The Old Franciscan Missions Of California eBook

This eBook from the Gutenberg Project consists of approximately 227 pages of information about The Old Franciscan Missions Of California.
it, was sold in 1845 for $1110.  Under the management of administrators appointed by the government, the Mission property rapidly disappeared, lands were sold, live-stock killed and scattered, and only the fragments of wreckage remained to be turned over to the jurisdiction of the padres according to the decree of Micheltorena in 1843.  The following year an epidemic of smallpox caused the death of the greater proportion of Indians still living at Purisima, and the final act in the history of the once flourishing Mission was reached In 1845, when, by order of Governor Pico, the ruined estate was sold to John Temple for the paltry amount stated above.

In regard to its present ownership and condition, a gentleman interested writes: 

“The abandoned Mission is on ground which now belongs to the Union Oil Company of California.  The building itself has been desecrated and damaged by the public ever since its abandonment.  Its visitors apparently did not scruple to deface it in every possible way, and what could not be stolen was ruthlessly destroyed.  It apparently was a pleasure to them to pry the massive roof-beams loose, in order to enjoy the crash occasioned by the breaking of the valuable tile.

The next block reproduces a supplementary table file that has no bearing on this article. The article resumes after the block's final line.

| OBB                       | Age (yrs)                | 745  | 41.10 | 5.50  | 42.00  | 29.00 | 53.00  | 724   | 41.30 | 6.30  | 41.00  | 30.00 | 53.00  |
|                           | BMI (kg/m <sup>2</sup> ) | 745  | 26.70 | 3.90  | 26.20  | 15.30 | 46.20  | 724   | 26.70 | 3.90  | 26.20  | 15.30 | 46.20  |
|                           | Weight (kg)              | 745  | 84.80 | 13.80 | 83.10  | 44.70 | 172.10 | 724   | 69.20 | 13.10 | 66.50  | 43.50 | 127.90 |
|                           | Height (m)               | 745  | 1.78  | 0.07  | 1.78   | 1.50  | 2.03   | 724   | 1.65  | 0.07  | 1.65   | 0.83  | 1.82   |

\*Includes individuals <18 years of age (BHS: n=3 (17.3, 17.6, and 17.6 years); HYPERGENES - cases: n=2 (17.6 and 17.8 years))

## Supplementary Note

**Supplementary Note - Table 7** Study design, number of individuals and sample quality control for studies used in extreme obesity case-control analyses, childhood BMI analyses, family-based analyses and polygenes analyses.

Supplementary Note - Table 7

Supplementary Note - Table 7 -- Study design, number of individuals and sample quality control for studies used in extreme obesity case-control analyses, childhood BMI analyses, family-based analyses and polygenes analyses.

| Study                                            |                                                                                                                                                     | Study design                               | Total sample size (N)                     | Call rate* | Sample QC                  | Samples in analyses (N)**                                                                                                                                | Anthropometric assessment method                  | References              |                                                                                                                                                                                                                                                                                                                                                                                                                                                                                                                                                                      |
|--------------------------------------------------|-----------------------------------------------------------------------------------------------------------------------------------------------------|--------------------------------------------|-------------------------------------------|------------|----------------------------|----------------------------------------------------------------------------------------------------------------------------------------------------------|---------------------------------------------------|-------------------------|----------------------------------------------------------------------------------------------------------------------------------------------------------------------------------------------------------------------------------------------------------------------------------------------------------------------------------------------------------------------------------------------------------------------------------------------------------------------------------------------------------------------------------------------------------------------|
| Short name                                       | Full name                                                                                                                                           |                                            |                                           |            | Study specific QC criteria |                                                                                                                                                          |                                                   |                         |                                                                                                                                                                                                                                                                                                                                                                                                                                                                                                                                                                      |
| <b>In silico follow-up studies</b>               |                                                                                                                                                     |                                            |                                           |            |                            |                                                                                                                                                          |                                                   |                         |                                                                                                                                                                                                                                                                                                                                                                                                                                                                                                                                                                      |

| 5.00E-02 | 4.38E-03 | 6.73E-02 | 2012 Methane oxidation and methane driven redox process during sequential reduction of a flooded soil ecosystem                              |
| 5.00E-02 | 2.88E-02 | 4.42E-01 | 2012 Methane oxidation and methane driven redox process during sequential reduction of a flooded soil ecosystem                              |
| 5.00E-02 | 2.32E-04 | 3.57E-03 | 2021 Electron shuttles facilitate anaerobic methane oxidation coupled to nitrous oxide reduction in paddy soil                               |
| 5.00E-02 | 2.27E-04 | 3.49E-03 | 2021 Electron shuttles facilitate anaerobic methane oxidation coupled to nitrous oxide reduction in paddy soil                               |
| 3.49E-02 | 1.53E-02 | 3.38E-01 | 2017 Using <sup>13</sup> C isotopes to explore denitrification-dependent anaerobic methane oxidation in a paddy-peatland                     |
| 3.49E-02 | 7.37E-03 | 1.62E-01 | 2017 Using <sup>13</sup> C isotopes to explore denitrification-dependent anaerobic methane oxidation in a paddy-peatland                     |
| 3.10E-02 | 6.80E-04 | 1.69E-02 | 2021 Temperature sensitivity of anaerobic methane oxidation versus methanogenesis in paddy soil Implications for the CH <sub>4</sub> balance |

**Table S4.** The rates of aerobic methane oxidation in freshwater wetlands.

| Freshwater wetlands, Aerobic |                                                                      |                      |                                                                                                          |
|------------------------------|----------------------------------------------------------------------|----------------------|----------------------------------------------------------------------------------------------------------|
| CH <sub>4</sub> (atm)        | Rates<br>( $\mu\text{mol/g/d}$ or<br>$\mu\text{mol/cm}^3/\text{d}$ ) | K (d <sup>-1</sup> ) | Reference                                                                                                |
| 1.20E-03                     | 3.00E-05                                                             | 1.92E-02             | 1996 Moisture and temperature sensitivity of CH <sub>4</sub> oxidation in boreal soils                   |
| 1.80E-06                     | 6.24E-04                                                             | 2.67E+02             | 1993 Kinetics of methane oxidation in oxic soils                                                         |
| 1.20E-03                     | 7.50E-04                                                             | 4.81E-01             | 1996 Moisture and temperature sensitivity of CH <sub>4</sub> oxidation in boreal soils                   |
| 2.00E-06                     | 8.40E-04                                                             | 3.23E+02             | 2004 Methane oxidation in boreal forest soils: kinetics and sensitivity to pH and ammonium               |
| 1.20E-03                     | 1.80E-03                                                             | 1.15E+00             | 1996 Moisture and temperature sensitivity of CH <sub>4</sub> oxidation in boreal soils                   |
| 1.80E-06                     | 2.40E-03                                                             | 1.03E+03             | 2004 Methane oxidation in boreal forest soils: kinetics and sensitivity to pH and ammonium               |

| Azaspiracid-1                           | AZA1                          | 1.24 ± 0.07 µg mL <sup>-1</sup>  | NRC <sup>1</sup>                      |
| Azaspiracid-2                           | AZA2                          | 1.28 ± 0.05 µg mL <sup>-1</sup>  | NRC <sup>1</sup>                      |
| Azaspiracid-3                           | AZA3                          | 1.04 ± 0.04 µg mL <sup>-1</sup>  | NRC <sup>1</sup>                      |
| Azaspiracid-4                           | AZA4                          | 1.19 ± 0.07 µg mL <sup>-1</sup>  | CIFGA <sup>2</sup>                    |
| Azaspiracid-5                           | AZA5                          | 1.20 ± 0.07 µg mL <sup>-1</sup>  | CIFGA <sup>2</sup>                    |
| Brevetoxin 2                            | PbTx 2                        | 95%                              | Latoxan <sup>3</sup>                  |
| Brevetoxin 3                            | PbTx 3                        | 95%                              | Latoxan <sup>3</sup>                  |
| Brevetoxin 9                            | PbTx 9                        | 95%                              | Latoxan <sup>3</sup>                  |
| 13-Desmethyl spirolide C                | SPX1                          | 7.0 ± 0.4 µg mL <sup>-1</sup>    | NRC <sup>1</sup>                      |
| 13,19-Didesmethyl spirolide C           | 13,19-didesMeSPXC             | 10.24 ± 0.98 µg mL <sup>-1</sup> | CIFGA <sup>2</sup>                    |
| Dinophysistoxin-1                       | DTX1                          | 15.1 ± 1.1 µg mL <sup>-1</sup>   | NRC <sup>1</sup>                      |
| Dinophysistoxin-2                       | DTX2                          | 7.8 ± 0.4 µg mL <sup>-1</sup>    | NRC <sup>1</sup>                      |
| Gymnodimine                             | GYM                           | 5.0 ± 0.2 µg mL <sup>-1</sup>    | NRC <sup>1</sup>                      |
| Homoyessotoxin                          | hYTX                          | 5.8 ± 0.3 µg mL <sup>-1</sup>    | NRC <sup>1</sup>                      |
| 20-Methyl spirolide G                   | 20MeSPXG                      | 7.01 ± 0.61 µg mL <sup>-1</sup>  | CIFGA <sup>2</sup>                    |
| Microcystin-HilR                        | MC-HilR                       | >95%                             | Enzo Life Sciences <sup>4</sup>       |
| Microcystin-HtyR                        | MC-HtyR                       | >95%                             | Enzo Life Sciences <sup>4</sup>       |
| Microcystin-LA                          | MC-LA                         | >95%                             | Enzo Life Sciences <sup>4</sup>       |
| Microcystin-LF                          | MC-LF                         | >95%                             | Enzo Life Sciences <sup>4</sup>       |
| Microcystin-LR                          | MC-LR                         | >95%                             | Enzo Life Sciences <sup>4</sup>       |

“On top of this the late series of earthquakes in that section threw down many of the brick pillars, and twisted the remainder so badly that the front of the building is a veritable wreck.  During these earthquakes, which lasted several weeks, tile which could not be replaced for a thousand dollars were displaced and broken.  To save the balance of the tile, as well as to avoid possible accidents to visitors, the secretary of the Oil Company had the remaining tile removed from the roof and piled up near the building for safety.”



Lasuen found matters far easier for him in the founding of Missions than did Serra in his later years.  The viceroy agreed to pay $1000 each for the expenses of the Missions of Santa Cruz and La Soledad, and $200 each for the traveling expenses of the four missionaries needed.  April 1, 1790, the guardian sent provisions and tools for Santa Cruz to the value of $1021.  Lasuen delayed the founding for awhile, however, as the needful church ornaments were not at hand; but as the viceroy promised them and ordered him to go ahead by borrowing the needed articles from the other Missions, Lasuen proceeded to the founding, as I have already related.

At the end of the year 1791 the neophytes numbered 84.  In 1796 the highest mark was reached with 523.  In 1800 there were but 492.  Up to the end of that year there had been 949 baptisms, 271 couples married, and 477 buried.  There were 2354 head of large stock, and 2083 small.  In 1792 the agricultural products were about 650 bushels, as against 4300 in 1800.


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The Old Franciscan Missions Of California from Project Gutenberg. Public domain.
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